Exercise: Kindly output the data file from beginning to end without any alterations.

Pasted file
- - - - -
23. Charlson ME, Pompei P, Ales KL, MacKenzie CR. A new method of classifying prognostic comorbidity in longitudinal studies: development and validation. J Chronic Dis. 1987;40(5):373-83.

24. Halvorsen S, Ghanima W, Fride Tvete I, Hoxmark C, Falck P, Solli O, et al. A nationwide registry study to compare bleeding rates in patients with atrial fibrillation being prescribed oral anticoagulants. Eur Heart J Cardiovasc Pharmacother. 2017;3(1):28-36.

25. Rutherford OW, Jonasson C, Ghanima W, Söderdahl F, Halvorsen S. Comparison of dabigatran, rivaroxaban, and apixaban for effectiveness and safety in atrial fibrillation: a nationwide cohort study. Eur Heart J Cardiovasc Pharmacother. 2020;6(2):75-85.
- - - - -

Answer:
23. Charlson ME, Pompei P, Ales KL, MacKenzie CR. A new method of classifying prognostic comorbidity in longitudinal studies: development and validation. J Chronic Dis. 1987;40(5):373-83.

24. Halvorsen S, Ghanima W, Fride Tvete I, Hoxmark C, Falck P, Solli O, et al. A nationwide registry study to compare bleeding rates in patients with atrial fibrillation being prescribed oral anticoagulants. Eur Heart J Cardiovasc Pharmacother. 2017;3(1):28-36.

25. Rutherford OW, Jonasson C, Ghanima W, Söderdahl F, Halvorsen S. Comparison of dabigatran, rivaroxaban, and apixaban for effectiveness and safety in atrial fibrillation: a nationwide cohort study. Eur Heart J Cardiovasc Pharmacother. 2020;6(2):75-85.